The cells were transferred to a 96-well microplate (IWAKI, Fukushima, Japan), each well containing 100 µL pulp fibroblast cell suspension with a solidity of 2 × 104/20,000 cells/well, before being left for 1–2h. Three wells were left empty to serve as the media control and three wells were filled with cells as the control. The cells were incubated inside a CO2 incubator for a minimum of 4h to enable cell attachment after harvesting (cell sharing). A total of 100 µL of a mixture of 4-META and acetone in specific concentrations were added after incubation to every well of each treatment group (n = 3) using a micropipette, before being incubated inside the CO2 incubator for 24h (CO2 level, 5%, temperature, 37°C, humidity, 98%). After 24h, the mixture was observed under Digital Carl Zeiss–Axioskop 40 microscope (Carl Zeiss Microscopy, Germany) and photographed by a SONY alpha 5000 camera (SONY, Tokyo, Japan). The wells containing the cells were washed with 100 μL PBS, before 100 μL MTT was added to each one (5 mg 3-(4,5-Dimethylthiazol-2-yl)-2,5-diphenyltetrazolium bromide (MTT) + 1 mL PBS + 9 mL complete medium/growing medium). The microplate was then incubated for 4h until the formation of formazan occurred. Stopper solution of 100 µL Sodium Lauryl Sulfate 10% was added to the 0.01 N HCl in each well and the microplates were incubated overnight. A total of 50 μL of dimethyl sulfoxide was added to each well, before being agitated for 5min until the formazan crystals were completely diluted. Thereafter, they were counted using an enzyme-linked immunosorbent assay (ELISA) Reader Bio-RAD 680 XR (Bio-RAD Laboratories, Hercules, California) at a wavelength of 550nm. Blue color indicating the presence of formazan formation was found in the well containing living cells, whereas no color was found in the well devoid of living cells. The optical density recorded was then calculated using the Meyer formula:[18]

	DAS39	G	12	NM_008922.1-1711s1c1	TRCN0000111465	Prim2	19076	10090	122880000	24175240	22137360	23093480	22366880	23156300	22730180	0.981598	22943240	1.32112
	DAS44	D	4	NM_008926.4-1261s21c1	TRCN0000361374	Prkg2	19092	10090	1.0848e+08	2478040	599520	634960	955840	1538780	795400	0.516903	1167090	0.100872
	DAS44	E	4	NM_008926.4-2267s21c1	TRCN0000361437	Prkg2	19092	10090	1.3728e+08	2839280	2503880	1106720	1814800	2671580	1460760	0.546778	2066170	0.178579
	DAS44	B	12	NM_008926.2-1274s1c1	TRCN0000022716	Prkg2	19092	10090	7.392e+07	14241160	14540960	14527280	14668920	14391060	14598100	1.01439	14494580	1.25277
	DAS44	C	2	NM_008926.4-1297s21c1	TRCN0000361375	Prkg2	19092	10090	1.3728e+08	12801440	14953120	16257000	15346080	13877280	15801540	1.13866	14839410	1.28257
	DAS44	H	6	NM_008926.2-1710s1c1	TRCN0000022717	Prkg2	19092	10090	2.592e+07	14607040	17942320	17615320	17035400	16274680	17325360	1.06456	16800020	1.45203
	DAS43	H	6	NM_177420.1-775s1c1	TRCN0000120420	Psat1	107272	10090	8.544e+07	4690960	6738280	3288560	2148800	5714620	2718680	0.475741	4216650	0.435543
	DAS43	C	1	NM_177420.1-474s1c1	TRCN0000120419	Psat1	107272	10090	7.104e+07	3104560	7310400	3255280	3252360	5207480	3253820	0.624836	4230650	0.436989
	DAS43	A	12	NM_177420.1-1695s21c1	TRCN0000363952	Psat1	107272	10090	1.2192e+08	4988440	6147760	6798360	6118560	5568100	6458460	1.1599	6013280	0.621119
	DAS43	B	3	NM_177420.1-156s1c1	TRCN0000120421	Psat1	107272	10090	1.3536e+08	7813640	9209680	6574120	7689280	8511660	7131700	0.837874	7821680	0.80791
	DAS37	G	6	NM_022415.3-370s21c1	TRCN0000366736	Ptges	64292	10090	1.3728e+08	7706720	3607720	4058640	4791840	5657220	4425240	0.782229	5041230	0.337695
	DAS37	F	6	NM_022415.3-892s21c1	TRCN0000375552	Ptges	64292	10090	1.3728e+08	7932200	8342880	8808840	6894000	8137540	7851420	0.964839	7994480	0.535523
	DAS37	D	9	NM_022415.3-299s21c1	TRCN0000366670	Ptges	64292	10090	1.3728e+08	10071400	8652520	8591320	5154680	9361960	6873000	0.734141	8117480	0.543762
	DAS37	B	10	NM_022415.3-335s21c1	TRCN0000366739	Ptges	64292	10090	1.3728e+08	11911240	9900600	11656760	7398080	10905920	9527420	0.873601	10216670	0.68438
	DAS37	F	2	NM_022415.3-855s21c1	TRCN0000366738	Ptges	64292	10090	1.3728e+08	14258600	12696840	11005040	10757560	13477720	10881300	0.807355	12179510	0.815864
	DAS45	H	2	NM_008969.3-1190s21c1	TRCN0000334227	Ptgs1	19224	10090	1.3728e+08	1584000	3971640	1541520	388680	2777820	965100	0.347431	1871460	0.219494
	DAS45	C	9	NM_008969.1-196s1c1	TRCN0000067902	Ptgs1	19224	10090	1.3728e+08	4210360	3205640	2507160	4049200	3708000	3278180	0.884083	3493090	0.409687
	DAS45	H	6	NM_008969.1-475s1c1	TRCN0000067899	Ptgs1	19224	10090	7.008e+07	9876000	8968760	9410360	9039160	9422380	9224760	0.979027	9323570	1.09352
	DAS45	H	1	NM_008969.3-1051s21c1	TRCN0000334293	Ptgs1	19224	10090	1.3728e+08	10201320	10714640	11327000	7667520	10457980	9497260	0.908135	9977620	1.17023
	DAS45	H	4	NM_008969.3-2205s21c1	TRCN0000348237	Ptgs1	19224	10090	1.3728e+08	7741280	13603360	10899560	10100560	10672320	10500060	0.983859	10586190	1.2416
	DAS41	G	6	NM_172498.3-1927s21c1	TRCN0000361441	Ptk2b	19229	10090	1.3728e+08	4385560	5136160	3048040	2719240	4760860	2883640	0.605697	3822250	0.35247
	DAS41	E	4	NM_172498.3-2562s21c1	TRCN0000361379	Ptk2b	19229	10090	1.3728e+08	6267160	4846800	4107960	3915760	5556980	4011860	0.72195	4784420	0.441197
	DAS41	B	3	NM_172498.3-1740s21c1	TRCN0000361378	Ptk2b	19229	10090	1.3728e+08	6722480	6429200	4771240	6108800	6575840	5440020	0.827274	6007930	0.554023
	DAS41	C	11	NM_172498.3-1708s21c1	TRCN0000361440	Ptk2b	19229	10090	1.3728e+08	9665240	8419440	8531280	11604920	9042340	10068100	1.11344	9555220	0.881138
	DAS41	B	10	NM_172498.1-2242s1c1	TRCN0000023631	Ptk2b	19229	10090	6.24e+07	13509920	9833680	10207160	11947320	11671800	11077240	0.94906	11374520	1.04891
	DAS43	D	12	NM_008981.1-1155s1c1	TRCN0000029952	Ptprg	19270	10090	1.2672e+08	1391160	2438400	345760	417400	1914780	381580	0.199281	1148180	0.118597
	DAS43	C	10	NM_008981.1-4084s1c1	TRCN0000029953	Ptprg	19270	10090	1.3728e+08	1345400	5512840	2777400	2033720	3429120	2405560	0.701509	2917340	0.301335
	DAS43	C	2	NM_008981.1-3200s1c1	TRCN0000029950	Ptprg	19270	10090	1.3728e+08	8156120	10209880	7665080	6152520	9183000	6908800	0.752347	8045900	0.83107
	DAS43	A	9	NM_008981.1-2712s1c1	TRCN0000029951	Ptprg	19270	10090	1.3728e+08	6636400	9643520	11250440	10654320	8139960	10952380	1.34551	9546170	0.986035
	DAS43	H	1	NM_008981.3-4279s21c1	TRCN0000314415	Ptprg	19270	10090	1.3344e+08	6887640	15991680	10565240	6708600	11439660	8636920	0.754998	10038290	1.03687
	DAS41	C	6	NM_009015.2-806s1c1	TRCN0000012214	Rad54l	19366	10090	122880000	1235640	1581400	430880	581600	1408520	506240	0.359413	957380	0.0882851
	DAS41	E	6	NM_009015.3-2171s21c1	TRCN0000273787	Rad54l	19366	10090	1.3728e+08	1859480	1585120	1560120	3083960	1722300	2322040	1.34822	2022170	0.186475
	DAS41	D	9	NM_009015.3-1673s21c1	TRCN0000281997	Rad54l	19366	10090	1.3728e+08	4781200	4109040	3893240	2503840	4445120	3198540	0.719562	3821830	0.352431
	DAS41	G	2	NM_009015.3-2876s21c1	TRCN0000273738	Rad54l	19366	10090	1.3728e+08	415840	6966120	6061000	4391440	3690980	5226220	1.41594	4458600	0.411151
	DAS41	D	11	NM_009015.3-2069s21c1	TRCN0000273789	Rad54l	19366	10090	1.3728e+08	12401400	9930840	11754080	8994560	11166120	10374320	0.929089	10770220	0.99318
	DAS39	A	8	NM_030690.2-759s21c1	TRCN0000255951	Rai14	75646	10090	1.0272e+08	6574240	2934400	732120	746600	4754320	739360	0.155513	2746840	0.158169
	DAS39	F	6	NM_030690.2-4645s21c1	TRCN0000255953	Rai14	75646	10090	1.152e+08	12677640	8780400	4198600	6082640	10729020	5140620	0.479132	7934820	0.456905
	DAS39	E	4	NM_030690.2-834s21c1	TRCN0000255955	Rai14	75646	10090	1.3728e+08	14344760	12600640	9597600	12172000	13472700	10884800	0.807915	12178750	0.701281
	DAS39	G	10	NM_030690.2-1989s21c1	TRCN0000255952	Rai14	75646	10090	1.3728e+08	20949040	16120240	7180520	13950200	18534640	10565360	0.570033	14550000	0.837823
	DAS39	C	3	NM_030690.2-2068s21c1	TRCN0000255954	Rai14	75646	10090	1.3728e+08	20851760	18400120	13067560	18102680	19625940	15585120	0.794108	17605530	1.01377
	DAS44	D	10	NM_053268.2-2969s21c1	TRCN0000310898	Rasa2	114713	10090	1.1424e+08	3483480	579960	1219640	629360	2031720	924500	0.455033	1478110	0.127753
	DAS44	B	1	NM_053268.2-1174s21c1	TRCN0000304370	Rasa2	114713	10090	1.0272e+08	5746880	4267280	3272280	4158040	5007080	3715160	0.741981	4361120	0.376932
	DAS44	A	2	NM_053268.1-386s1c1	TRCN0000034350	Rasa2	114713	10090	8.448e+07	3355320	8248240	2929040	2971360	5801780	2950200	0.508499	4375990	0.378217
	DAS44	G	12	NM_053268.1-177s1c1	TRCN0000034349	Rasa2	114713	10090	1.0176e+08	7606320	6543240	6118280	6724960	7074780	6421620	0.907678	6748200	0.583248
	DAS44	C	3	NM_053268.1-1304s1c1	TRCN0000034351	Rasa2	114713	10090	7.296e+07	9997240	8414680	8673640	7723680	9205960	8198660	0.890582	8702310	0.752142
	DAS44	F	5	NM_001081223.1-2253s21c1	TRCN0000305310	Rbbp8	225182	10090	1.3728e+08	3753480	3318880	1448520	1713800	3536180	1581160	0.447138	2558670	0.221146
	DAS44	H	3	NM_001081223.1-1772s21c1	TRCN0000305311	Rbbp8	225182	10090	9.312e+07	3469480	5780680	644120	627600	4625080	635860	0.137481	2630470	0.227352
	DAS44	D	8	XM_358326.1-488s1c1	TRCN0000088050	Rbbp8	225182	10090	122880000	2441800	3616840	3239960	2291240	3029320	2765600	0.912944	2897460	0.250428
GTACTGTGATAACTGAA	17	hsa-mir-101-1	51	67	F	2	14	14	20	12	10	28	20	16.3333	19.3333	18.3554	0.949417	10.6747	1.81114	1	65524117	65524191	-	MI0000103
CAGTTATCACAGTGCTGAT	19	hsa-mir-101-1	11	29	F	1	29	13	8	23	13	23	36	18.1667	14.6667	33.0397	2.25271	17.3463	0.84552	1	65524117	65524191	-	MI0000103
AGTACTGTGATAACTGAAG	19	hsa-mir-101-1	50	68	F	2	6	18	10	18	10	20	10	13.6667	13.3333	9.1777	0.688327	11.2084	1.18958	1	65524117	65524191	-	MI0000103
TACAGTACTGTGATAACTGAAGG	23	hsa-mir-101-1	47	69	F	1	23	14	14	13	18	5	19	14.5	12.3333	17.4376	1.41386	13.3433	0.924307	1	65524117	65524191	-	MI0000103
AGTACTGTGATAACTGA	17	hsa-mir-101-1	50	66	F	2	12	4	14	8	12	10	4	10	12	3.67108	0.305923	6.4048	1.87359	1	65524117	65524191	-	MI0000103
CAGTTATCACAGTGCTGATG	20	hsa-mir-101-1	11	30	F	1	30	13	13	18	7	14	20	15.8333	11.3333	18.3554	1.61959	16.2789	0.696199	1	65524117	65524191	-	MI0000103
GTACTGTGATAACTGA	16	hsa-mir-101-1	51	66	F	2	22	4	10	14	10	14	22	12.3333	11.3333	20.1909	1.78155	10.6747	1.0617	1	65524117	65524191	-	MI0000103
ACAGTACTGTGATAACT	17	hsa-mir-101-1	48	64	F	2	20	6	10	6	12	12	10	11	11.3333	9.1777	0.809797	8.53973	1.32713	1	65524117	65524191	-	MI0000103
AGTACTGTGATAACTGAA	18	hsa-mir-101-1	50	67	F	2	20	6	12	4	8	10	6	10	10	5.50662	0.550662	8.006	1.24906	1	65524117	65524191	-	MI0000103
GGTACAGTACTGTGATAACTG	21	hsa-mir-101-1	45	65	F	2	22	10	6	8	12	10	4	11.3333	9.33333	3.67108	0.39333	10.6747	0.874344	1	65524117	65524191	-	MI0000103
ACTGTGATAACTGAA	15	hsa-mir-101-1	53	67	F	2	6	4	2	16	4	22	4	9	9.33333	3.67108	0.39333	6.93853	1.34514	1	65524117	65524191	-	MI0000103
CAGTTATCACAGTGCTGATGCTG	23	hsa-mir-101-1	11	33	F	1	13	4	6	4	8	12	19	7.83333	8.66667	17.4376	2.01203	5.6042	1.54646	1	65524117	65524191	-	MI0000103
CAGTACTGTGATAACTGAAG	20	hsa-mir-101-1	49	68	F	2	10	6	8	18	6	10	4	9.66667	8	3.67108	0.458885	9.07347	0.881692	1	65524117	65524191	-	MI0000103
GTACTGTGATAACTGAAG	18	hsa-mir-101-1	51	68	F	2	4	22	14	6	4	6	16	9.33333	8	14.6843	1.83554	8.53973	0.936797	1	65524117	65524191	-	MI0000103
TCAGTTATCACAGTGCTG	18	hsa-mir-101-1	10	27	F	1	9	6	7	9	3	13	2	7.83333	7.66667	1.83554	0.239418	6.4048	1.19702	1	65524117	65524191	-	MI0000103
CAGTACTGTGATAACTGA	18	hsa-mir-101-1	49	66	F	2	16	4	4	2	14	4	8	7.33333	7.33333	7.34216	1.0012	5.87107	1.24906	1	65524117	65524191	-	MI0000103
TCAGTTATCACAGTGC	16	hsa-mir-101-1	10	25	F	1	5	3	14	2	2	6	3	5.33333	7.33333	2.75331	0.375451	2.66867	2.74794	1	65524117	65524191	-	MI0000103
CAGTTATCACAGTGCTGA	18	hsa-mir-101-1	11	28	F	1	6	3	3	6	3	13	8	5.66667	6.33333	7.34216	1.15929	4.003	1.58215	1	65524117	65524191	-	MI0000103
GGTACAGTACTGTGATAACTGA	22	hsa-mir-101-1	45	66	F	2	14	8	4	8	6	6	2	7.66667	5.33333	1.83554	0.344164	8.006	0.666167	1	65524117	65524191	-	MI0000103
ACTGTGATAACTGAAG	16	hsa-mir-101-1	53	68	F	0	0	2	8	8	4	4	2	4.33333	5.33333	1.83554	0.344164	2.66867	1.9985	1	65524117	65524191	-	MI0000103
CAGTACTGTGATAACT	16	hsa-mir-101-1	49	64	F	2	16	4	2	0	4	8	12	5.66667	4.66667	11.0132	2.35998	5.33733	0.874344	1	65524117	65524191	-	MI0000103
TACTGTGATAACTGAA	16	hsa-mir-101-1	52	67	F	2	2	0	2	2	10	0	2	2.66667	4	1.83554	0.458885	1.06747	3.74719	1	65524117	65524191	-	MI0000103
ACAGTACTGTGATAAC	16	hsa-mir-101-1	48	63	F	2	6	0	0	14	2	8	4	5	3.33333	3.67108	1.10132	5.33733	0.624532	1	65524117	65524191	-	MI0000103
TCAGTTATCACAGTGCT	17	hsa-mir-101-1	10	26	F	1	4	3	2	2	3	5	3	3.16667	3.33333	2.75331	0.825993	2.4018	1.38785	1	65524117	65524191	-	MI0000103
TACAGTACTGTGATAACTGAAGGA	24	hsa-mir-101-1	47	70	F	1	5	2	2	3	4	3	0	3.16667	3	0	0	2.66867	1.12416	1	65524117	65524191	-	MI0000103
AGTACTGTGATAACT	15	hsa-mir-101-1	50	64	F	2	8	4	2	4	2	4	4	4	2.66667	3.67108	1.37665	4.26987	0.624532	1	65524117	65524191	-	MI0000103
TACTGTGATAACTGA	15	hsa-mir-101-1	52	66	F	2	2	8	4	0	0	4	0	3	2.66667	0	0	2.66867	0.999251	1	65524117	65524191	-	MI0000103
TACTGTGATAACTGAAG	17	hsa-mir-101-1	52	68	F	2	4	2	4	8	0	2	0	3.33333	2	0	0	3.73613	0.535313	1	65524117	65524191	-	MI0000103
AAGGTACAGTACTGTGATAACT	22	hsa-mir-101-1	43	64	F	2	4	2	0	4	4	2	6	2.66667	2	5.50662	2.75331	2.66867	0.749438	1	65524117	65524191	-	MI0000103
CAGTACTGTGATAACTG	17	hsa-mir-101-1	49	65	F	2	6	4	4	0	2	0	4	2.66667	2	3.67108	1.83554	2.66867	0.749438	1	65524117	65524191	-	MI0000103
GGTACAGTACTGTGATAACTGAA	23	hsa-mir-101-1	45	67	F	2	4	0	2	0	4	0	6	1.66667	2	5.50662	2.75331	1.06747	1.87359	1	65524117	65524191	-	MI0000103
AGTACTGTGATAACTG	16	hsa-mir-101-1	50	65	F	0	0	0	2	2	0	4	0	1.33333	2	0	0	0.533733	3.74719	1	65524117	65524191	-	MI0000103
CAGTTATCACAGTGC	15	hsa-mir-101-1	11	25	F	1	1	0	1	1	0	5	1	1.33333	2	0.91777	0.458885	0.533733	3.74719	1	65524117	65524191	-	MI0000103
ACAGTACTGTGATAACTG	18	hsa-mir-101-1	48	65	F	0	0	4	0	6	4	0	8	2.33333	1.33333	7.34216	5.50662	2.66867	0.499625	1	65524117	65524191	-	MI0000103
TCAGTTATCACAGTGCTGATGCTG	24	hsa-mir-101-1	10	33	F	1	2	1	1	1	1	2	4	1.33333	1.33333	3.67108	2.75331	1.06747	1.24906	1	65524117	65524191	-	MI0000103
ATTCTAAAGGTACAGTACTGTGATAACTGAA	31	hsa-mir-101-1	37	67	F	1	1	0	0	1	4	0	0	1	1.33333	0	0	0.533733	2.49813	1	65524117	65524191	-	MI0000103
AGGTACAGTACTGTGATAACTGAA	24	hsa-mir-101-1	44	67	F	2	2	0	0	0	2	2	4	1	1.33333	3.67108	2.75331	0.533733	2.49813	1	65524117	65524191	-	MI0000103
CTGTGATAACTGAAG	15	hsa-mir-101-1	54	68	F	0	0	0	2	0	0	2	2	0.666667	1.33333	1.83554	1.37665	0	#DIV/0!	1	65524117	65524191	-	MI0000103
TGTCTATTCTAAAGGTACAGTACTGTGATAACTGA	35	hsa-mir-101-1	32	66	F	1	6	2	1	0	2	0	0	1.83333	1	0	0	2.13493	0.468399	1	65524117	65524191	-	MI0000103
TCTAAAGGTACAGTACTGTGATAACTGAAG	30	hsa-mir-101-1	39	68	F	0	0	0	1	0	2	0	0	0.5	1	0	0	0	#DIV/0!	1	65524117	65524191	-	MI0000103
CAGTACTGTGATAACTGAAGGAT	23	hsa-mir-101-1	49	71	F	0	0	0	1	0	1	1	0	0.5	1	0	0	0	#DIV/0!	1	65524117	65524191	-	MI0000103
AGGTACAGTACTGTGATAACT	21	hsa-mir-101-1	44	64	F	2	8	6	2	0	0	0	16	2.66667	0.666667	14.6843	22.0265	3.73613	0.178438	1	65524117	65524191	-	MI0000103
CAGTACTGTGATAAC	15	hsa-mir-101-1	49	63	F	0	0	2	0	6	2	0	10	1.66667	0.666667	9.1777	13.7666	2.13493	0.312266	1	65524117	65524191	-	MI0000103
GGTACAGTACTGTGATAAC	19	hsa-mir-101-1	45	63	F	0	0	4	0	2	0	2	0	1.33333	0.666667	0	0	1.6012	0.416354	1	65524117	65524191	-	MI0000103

The data obtained was analyzed with the Statistical Package for the Social Sciences (SPSS) software, version 24 (IBM, Armonk, New York) using a Kruskal–Wallis test to identify the differences between all sample groups and a Tukey HSD test to establish the differences between each group. All samples were statistically analyzed with a confidence interval of 95% (P ≤ 0.05).


  Results Top


On the basis of toxicity test of 4-META-based dentine bonding material using acetone solution in dental pulp fibroblast cells, the percentages of fibroblast cell death calculated are present in [Table 1].
Table 1: Percentages of fibroblast cell death in 10 concentrations of 4-META in different acetone solutions

Click here to view


As the data were in homogen, the differences among groups were analyzed using Kruskal–Wallis test, which showed a significant difference among treatment groups (P = 0.001; 95% CI). The table shows that the concentration level resulting in 50% fibroblast cell death (LC50) is one of 1250 µg/mL. This means that the toxicity level of 4-META for the base material of dentine bonding in acetone solution is higher or equal to 1250 µg/mL.